All of Us Make Them
By Annette Rey
You hate it when it happens. You pressed send and later find out there are errors in your submission.
How could that happen when you took all the protective steps of proofreading and editing?
As you reread, your eye is accustomed to your own mistakes. Each of us think something we have used for years is correct: a misspelling, misusage of a word, punctuation rules we misinterpreted in school, subject/verb disagreement, and more.
Because the correct writing of English is complex, you must continually (or continuously?) learn exactly how to construct it.
I used the example above to show how easy it is to come across a situation in your writing that needs a dictionary check to make your writing superb.
Continuous and continual are synonyms. So why not use either word? As I described in my article on the difference between elegant and eloquent (which are not synonyms), there is a nuance of language difference between particular words that seem to have the same meaning.
Continual – of frequent occurrence
Continuous – marked by no interruption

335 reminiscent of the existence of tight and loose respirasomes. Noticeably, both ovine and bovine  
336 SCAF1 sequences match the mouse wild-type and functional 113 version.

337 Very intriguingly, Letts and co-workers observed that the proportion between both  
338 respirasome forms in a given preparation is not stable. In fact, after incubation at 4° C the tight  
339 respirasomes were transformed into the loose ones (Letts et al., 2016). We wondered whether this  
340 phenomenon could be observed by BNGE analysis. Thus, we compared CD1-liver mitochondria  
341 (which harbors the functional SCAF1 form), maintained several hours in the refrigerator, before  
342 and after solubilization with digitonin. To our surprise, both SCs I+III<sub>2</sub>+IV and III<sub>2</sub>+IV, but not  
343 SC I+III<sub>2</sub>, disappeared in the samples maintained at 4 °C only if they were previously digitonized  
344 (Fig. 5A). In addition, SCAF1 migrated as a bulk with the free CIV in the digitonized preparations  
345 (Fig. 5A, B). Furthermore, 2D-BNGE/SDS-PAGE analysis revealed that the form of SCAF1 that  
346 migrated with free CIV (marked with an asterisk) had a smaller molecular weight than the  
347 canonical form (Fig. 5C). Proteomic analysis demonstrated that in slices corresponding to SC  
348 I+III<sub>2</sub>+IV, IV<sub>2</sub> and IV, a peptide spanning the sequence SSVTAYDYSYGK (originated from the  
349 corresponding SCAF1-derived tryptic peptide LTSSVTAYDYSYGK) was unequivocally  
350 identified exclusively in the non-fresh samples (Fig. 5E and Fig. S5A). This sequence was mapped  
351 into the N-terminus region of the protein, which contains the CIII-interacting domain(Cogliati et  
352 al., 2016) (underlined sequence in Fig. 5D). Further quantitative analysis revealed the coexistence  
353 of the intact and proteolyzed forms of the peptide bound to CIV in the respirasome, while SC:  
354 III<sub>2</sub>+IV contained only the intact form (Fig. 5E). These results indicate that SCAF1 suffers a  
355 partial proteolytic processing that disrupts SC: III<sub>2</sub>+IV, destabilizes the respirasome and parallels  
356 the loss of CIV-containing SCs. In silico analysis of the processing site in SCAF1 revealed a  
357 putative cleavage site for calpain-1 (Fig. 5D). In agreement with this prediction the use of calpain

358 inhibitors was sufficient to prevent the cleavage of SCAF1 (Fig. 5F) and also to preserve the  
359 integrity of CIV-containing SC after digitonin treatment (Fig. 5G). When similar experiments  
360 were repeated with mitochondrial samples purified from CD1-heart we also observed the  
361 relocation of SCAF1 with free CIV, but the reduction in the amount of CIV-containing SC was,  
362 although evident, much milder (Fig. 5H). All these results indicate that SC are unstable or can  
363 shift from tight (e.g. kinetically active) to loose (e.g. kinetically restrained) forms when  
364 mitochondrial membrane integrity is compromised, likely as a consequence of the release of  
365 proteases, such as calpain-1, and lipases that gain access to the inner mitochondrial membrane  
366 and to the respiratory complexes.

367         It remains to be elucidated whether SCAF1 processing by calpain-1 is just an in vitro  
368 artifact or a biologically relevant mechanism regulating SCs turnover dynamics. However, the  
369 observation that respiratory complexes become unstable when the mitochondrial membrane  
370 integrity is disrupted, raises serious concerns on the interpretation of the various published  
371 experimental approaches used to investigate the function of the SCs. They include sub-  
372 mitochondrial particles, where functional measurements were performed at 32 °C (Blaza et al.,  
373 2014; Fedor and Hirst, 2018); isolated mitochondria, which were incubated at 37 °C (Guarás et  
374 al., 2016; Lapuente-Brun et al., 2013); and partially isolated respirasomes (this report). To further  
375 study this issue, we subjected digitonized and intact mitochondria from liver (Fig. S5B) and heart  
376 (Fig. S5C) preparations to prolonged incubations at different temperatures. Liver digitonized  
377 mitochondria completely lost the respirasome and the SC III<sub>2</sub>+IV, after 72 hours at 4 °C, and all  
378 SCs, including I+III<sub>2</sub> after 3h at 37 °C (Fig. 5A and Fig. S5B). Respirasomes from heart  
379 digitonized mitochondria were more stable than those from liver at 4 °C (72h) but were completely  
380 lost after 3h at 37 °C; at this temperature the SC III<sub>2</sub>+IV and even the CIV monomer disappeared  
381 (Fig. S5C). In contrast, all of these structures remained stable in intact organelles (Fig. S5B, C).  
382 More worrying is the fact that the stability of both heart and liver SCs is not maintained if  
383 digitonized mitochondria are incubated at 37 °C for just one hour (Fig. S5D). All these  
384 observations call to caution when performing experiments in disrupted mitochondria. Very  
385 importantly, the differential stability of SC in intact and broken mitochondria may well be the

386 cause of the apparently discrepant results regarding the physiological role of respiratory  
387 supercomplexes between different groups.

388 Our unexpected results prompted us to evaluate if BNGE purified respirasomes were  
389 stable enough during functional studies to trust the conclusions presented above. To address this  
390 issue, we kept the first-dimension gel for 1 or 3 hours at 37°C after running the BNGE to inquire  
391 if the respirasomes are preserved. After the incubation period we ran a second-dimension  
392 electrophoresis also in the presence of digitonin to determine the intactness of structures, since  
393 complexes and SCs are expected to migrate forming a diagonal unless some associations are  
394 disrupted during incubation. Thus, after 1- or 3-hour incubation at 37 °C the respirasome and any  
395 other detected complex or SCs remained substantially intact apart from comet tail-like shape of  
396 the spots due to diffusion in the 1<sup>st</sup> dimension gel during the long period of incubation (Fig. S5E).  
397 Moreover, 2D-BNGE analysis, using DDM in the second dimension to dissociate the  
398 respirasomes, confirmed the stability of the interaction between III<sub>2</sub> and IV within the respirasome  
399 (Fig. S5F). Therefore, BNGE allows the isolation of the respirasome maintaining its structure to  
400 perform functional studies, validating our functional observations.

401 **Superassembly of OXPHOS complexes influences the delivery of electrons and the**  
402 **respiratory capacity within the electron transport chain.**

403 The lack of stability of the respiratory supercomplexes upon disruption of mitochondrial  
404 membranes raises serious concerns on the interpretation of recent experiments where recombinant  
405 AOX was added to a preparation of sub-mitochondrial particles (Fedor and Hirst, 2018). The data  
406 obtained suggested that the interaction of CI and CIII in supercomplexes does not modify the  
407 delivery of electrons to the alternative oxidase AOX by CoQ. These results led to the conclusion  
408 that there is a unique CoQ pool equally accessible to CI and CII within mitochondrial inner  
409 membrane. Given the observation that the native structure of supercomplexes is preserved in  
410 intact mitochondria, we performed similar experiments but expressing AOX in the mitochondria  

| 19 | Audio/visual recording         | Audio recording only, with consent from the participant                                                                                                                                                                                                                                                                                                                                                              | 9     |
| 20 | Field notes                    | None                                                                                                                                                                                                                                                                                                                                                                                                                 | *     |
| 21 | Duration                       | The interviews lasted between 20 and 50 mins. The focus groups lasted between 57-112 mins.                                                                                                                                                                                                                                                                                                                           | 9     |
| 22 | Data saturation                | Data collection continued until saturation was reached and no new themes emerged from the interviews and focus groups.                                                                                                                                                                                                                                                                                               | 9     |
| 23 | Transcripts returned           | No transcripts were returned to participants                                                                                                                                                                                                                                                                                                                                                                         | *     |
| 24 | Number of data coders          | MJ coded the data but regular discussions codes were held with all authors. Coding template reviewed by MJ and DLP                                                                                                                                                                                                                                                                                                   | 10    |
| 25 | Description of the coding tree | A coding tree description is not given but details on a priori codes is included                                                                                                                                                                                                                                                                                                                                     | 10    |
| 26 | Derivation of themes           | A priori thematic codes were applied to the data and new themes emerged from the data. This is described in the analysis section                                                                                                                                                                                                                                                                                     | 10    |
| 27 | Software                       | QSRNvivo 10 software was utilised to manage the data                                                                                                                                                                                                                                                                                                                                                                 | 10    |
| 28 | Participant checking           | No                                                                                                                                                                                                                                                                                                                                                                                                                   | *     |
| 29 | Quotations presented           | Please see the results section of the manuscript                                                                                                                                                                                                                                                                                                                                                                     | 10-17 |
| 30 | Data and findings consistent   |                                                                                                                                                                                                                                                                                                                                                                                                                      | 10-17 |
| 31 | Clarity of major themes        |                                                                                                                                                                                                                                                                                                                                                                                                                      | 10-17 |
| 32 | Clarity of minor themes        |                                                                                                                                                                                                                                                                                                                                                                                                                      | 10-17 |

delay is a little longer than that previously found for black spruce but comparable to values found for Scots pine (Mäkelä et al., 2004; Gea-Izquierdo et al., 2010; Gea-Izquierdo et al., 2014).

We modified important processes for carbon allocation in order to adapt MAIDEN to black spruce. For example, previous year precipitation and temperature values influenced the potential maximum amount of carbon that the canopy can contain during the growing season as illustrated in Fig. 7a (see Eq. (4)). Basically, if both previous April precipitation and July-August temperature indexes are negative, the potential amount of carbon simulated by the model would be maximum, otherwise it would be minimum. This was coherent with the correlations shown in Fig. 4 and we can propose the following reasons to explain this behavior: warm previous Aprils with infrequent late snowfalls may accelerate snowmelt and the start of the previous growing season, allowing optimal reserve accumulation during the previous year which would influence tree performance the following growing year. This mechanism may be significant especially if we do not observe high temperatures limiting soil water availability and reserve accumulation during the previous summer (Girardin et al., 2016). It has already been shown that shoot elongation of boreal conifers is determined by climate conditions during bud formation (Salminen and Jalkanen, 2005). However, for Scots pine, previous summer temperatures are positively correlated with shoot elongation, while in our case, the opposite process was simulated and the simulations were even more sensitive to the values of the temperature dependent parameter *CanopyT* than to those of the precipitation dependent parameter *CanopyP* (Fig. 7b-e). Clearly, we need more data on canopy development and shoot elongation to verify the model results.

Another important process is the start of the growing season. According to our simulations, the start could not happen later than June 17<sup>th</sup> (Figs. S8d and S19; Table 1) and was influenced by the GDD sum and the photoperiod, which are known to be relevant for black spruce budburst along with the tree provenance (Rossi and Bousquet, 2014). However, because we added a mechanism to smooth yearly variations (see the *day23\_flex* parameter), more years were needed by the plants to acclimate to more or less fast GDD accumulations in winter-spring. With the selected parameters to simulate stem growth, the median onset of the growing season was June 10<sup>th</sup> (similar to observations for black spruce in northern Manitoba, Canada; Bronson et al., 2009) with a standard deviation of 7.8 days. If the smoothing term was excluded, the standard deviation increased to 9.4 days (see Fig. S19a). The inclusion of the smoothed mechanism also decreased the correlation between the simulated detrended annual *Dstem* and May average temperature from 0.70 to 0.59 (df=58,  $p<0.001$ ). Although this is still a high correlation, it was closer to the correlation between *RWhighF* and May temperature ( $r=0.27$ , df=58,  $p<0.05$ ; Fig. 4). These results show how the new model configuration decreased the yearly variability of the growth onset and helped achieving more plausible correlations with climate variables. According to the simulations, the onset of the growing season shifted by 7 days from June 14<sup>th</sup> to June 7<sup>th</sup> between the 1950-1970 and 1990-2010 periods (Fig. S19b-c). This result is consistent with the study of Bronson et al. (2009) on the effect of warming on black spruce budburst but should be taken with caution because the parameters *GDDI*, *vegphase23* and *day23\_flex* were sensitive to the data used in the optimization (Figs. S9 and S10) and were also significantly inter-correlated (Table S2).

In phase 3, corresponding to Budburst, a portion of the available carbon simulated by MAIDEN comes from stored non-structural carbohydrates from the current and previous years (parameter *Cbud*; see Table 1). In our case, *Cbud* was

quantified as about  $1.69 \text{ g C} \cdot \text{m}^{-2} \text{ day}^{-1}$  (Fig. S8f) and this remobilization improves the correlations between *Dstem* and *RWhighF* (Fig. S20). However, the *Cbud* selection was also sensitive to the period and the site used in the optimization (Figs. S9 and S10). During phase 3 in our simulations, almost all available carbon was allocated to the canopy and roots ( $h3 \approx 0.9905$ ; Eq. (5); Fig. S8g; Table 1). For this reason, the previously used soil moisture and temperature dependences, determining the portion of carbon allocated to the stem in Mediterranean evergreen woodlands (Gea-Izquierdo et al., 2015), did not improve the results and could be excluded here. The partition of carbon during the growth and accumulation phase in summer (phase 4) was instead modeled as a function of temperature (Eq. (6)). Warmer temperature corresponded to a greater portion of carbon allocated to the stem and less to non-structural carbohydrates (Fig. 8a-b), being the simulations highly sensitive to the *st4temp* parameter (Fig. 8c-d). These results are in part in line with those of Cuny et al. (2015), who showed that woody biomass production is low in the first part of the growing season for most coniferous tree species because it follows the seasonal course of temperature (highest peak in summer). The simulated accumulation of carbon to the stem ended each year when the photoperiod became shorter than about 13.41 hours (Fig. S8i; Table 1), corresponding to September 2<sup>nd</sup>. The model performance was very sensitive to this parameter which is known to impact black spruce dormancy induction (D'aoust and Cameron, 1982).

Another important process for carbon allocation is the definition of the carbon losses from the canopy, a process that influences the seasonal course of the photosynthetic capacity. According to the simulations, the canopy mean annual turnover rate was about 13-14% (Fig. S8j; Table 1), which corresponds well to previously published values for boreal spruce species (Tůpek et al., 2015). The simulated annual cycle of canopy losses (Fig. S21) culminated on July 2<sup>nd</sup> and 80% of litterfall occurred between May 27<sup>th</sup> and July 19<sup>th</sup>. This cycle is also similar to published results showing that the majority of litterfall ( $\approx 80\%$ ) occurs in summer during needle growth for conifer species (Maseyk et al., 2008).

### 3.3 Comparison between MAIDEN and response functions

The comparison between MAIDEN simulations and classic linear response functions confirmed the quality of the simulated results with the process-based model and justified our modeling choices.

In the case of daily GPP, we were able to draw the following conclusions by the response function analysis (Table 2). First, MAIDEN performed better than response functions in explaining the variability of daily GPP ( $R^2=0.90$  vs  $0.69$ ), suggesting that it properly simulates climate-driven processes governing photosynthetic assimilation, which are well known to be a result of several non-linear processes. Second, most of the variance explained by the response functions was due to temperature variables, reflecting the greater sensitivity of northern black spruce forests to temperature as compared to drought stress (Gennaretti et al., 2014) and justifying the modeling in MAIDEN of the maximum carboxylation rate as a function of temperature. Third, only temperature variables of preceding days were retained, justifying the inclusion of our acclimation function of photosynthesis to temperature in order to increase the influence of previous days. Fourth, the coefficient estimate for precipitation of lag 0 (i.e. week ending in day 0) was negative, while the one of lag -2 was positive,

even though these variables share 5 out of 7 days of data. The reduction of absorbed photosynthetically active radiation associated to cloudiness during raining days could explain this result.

You can’t continuously study language or you wouldn’t be eating, sleeping, or doing anything else to sustain your life. But a river flows continuously.
The shortcut to fewer errors in your work is to educate yourself to speak our language fluently. This will equip you to write with fewer errors and to be a better proofreader. The more you use reference books, the more you learn as you go. To me, checking each piece of work is the effortless approach to learning.
The go-to books are a dictionary and a grammar book, preferably several of each. See my not-yet-complete (because it is always growing) book list under the subject category Tools, and Books.
The big plus is – with every article you write, you should learn something new or reinforce existing knowledge.
This is the good journey of a writer.